Cold War Technology and Atomic Hysteria

Topics: Cold War, World War II, Nuclear weapon Pages: 5 (1872 words) Published: August 28, 2013
Cold War Technology and Atomic Hysteria
The Cold War was a balancing act between creating defensive safeguards to protect us from the doomsday-type weapons that were being developed to wipe nations out. This era of rapidly advancing technology greatly progressed mankind whilst also aiming to destroy it. The two main forces in the Cold War were the United States and the Soviet Union. Many secretive programs were in effect at this time developing weapons capable of killing massive amounts of humans at once, all the while technology was being made that advanced mankind, such as rockets and nuclear energy. There were also many conspiracies thrown around due to the secretive nature of the governments at that time. Many people believe that the Cold War was a terrible time, whereas it was a time of technological and scientific advancement.

Many great technological advancements were made during the Cold War. Rockets and nuclear energy are just a few of the radical inventions that were thought of at that time. There are some downfalls to nuclear energy though. The reactors are not fail-proof, with, “One possible type of reactor disaster is known as a meltdown. In such an accident, the fission reaction goes out of control, leading to a nuclear explosion and the emission of great amounts of radiation” (Qtd in Nuclear Energy). There have been two major catastrophes with reactor meltdowns: Three Mile Island and Chernobyl. The Three Mile Island incident happened on a small island in Pennsylvania where radiation leaked, though the problem was solved just minutes before a meltdown occurred. Chernobyl was a town in Russia where a large amount of radiation escaped from a rector. Hundreds of thousands of people were exposed to the leakage and dozens died within a few days. Despite these major disasters, many people are still in favor of nuclear energy. It is much more clean and efficient than its counterparts. One ton of uranium produces more energy than is produced by several million tons of coal or several million barrels of oil. A well-maintained reactor does not produce as much pollutants as a coal burning power plant.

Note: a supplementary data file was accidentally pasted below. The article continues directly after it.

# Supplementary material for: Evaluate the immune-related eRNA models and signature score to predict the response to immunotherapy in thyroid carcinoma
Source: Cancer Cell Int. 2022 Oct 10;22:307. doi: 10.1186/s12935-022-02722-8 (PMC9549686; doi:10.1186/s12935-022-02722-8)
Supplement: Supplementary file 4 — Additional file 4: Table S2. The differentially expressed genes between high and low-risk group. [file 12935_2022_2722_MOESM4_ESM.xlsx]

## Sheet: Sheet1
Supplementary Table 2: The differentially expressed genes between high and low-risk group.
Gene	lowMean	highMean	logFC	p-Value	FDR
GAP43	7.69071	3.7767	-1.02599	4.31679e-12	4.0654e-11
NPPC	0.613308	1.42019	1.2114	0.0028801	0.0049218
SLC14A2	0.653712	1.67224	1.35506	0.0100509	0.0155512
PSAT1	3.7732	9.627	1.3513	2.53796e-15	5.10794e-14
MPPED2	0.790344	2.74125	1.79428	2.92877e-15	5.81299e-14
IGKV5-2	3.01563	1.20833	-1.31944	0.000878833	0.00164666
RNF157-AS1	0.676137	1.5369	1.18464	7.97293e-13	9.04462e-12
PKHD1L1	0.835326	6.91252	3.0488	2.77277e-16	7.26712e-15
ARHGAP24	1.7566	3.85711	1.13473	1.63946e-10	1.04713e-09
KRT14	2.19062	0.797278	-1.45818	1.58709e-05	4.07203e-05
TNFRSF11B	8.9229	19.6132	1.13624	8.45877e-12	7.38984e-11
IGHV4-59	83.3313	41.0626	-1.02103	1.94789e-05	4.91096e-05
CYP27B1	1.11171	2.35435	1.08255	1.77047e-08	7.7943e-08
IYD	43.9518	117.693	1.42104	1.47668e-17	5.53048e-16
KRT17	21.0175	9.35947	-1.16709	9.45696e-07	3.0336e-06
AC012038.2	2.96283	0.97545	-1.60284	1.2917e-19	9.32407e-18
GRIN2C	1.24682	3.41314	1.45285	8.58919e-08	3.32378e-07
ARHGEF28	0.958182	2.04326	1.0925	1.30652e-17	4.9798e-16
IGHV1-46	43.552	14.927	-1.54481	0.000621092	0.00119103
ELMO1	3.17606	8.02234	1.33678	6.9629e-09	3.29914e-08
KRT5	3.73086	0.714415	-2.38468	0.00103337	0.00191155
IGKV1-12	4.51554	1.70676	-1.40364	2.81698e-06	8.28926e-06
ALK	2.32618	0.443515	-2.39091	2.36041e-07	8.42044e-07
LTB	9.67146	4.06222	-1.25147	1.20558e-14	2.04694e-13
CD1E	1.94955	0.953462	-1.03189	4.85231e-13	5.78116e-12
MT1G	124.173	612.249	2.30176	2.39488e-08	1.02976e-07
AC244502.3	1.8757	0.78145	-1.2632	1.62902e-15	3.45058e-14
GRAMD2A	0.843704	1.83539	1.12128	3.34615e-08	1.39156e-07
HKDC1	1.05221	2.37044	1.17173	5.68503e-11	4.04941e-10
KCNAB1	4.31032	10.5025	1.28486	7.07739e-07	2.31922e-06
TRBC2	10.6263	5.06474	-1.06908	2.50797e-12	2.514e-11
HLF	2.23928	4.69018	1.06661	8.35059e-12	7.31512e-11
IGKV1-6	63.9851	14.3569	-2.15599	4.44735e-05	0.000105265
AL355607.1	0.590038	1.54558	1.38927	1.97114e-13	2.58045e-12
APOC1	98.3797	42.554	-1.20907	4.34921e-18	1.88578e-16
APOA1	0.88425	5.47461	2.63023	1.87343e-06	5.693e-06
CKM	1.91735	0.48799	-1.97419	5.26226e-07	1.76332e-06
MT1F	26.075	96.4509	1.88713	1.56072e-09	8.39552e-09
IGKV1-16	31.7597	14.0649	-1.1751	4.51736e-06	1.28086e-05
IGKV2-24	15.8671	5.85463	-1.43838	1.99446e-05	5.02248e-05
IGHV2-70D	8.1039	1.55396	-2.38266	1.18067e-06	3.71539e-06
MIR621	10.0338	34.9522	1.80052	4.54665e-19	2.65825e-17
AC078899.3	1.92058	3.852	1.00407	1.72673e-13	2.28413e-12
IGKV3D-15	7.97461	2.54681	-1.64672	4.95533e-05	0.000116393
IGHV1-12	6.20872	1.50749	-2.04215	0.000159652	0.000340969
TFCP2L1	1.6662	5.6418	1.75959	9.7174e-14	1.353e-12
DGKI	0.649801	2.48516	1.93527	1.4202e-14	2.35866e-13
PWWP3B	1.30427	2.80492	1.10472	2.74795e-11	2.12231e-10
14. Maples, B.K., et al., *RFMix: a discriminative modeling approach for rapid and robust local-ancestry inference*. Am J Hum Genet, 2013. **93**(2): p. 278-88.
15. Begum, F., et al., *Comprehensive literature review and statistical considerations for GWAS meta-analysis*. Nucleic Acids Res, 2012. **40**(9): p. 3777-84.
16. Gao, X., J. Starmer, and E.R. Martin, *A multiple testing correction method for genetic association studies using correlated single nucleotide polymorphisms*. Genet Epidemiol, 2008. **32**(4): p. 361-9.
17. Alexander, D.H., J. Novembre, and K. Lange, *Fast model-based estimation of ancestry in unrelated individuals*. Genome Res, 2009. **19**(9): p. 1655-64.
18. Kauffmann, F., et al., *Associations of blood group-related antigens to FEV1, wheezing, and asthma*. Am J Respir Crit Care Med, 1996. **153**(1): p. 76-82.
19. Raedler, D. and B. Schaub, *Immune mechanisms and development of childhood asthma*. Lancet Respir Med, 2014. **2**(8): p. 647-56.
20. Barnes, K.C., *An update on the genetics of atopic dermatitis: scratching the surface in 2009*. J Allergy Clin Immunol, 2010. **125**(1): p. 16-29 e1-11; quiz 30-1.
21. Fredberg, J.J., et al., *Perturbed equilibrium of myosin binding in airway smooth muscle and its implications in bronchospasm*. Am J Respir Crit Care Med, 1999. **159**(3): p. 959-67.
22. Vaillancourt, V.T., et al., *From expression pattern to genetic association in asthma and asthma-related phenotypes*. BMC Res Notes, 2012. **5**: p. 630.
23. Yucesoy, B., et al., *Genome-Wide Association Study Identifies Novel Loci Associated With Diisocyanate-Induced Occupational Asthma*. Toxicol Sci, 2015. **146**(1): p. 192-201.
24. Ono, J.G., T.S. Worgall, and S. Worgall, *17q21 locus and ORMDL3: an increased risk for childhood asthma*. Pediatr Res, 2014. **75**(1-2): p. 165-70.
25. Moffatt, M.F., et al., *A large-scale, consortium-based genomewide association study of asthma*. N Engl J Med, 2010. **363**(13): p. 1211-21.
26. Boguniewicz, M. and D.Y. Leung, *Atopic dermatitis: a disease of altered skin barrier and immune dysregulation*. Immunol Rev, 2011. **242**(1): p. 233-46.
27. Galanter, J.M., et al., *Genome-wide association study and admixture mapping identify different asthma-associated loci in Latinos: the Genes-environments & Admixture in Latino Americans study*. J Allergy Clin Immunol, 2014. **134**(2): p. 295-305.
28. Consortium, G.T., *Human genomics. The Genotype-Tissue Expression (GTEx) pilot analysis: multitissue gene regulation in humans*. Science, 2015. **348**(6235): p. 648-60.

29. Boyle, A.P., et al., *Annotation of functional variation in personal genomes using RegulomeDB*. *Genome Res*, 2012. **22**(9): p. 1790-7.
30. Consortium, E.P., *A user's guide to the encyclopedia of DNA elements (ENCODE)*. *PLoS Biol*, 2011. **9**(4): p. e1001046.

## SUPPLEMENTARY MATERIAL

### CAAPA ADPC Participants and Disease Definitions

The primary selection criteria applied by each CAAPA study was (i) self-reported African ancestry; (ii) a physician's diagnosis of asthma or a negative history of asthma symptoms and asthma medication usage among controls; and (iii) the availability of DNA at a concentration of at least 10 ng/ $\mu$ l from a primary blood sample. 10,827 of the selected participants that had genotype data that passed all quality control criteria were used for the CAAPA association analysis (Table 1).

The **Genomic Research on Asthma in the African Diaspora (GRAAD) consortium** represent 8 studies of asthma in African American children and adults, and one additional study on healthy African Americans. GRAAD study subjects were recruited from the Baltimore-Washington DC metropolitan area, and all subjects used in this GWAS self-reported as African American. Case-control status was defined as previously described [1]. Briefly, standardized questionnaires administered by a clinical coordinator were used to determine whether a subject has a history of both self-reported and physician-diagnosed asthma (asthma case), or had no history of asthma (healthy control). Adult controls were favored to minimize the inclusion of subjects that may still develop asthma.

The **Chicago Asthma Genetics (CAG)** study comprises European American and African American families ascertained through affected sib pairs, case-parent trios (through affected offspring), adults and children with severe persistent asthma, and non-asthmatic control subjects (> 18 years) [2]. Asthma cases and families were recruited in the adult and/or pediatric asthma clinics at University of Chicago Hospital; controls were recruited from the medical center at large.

The secretive nature of the governments in that era has caused many people to be wary and cautious of many governmental institutions. Many experiments were being done in secret and still are today. The Manhattan Project is one of the more popular ones that people reference today. Harold Agnew, one of the head scientists who worked on the atomic bomb, was asked about the public opinion of nuclear weapons. He said in the interview, “I don't see why the public reaction was quite so strong, although the media has a tremendous effect on public reaction, depending on how it's couched. It was new and as a result there was a tremendous adverse effect, I think, on the whole program” (Qtd in Agnew). He goes on to argue that more people die in normal, everyday accidents than in that atomic bomb detonation that killed some innocent people on the sea. He states that the public doesn't fully understand atomic energy, so they are scared to use it on anyone while it is okay to use hatchets or guns to kill someone. The Korean War is a time in which he was all in favor of using the atomic bomb. He states, “They were not used and then I felt they never would be used because I think one of the golden rules of nuclear weapons is you never use one against somebody that's got one” (Agnew). He also goes on to state that public opinion is one of the main factors why the United States did not use atomic weapons in the Korean War.

The atomic bomb was a revolutionary weapon to be unleashed on anyone at the time. It was capable of killing everyone in an entire region. The public was afraid of this power and because of that, they did not condone this action. The mindset of everyone at that time was negative towards atomic power. They thought that the exposure to the radiation was too inhumane to have anyone subjected to, although some people...

Cited: Agnew, Harold. "Interview with Harold Agnew." Episode 8: Sputnik. . . Web. 23 Nov 2012.
Broderick, Mick. "Nuclear Frission: Cold War Cinema And Human Radiation Experiments." Literature Film Quarterly 27.3 (1999): 196.Academic Search Complete. Web. 22 Nov. 2012.
Cantwell Jr., Alan. "THE HUMAN RADIATION EXPERIMENTS How scientists secretly used US citizens as guinea pigs during the Cold War." . N.p.. Web. 26 Nov 2012. .
Home Front: The Impact of the Cold War on United States, 1945-63. N.p.. Web. 26 Nov 2012. .
"The Army 's secret Cold War experiments on St. Louisans." KSDK, 25 2012. Television. .
McCarthy, Michael. "Cold War Human Radiation Experiments In The USA." Lancet 344.8935 (1994): 1498. Academic Search Complete. Web. 22 Nov. 2012.
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Talbot, Strobe. "Reagan and Gorbachev: Shutting the Cold War Down." Brookings. n. page. .
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